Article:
Before you get excited, there are no tax savings from improvements you make to a property you rent.
You: But the title—
Sorry, but that refers to rental properties you own.
You: Now how could I possibly own the property if I am renting it?
If you’re the landlord.
You: I knew that.
There are many tax benefits available to those who own rental properties. As an important example, most modifications you make to your rental property result in tax savings of one kind or another.
You: How so?
Whether the changes you make to the property are considered improvements or repairs. Whereas repairs may be immediately tax deductible, improvements must be depreciated over time.
You: What’s the difference?
What’s the difference between improvements and repairs? Or what’s the difference between an immediate tax deduction and depreciation over time?
You: Actually, both.
Improvements vs. Repairs
Like they sound, repairs don’t make any permanent changes to the property; they simply put the property back to a previous state. Said another way, repairs don’t add to the value of the rental property. Consequently, expenses such as the cost for a plumber to go fix a toilet or for an electrician to replace a circuit are textbook examples of repairs. But, so too, are far more expensive costs, like the expense of painting your property or fixing up part of a roof where it might be leaking (again).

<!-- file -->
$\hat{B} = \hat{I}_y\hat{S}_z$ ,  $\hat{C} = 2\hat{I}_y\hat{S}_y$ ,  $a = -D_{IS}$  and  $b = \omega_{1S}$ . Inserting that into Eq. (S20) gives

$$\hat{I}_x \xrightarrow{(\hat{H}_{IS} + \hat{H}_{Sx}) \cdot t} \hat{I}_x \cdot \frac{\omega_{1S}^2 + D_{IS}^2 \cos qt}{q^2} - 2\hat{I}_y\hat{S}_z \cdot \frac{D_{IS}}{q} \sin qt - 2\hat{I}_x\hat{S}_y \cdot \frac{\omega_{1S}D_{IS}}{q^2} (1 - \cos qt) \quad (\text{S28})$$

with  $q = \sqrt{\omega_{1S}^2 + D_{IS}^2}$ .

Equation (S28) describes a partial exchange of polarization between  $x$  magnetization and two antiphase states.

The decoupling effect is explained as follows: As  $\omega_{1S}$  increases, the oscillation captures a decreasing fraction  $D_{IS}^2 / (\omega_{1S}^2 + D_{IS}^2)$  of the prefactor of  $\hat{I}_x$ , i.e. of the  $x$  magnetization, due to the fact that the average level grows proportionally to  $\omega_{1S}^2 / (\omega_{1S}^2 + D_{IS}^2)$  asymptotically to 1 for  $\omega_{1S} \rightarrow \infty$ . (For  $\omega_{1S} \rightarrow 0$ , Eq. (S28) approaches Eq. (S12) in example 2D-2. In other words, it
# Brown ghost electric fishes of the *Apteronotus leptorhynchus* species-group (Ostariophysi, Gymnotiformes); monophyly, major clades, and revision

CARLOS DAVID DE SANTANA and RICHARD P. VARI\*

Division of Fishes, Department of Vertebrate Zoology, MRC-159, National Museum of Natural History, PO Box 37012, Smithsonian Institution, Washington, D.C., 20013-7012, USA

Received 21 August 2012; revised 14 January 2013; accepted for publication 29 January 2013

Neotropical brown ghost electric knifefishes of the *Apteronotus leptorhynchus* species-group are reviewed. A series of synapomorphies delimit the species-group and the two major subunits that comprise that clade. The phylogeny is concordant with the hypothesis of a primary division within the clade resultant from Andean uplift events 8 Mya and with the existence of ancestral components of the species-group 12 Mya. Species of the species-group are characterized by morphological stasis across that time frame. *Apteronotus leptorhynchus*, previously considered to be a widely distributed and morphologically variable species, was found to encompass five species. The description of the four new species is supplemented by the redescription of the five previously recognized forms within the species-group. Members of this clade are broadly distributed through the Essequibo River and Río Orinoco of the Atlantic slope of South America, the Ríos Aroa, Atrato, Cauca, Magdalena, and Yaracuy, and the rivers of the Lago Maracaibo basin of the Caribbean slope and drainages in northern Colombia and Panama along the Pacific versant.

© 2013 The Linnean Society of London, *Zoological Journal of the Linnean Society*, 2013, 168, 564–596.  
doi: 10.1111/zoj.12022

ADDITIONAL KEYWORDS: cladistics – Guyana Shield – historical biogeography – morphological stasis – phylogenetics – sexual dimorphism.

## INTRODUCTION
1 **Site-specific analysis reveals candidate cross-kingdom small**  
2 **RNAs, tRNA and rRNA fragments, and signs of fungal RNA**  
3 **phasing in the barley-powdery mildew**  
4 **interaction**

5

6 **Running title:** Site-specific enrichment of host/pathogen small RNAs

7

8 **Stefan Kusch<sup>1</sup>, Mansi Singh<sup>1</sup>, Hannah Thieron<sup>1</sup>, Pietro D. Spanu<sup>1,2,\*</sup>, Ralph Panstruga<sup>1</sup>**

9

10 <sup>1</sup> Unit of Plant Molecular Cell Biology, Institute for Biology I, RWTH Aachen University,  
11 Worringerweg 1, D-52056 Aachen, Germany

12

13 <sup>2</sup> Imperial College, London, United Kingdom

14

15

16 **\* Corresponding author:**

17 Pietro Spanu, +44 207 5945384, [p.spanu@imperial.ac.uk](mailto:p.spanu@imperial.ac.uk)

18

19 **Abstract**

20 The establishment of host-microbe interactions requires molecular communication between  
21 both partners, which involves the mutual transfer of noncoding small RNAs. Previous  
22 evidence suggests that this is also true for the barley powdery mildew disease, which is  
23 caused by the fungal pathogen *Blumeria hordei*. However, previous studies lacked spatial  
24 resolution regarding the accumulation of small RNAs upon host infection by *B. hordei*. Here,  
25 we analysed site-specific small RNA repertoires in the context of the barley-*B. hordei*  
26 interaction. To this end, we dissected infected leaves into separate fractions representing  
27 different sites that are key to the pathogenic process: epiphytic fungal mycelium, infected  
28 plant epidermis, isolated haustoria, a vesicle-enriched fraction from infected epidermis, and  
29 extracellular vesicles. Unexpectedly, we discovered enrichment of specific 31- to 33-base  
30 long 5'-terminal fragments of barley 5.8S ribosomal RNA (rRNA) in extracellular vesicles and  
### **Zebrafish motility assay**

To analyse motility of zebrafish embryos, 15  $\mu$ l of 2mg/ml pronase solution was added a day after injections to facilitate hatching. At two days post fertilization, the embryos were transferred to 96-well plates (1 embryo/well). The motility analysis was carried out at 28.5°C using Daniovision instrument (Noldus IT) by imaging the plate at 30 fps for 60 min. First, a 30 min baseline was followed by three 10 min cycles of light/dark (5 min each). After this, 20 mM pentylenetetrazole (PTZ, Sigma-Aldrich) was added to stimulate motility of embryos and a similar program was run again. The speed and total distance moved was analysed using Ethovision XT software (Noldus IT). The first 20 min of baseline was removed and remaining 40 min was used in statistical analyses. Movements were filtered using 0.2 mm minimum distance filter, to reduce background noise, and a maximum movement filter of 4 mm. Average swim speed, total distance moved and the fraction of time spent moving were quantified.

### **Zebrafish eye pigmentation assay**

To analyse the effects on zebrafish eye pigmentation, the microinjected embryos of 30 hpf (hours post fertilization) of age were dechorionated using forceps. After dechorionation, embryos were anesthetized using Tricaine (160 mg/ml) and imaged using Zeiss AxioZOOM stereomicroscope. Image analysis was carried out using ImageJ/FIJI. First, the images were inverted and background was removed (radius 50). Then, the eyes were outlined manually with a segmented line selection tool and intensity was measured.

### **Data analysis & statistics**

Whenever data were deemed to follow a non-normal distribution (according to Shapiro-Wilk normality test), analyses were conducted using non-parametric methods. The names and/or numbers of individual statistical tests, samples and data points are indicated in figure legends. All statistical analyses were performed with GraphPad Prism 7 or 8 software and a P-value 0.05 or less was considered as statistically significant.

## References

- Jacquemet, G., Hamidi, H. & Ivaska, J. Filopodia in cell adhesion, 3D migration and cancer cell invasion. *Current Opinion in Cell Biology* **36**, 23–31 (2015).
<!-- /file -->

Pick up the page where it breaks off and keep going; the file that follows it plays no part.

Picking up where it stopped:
On the other hand, expenses you incur which increase the life of the property or add value to it are considered improvements. Replacing the whole roof, for example, is an improvement. Although you wouldn’t necessarily think of a new roof as immediately increasing the value of the property, it certainly increases the expected useful life of it and consequently is considered an improvement. Obviously, additions and similar major upgrades are considered improvements as well.
Tax Deduction vs. Depreciation
Repair expenses may be immediately tax deductible from rental income. This means you’ll reduce your taxable income from the rent you collect by the exact amount of the repair expense. On the other hand, costs for improvements must be depreciated or divided over their useful life. As a result, improvements add to the amount you can already depreciate related to your rental property on an annual basis.
You: What does that mean?
Say you decide to add a new piece of furniture to the property. Furniture typically has a five-year life, at least according to the IRS (that you and your tenants might have completely different opinions is not relevant). If the price of the furniture is $500, you can depreciate $100 a year for five years. Since a couch is not a repair, you cannot immediately expense it.
Between improvements and repairs, there’s plenty of tax savings opportunities if you’re in the mood to get to work (and to spending) this summer.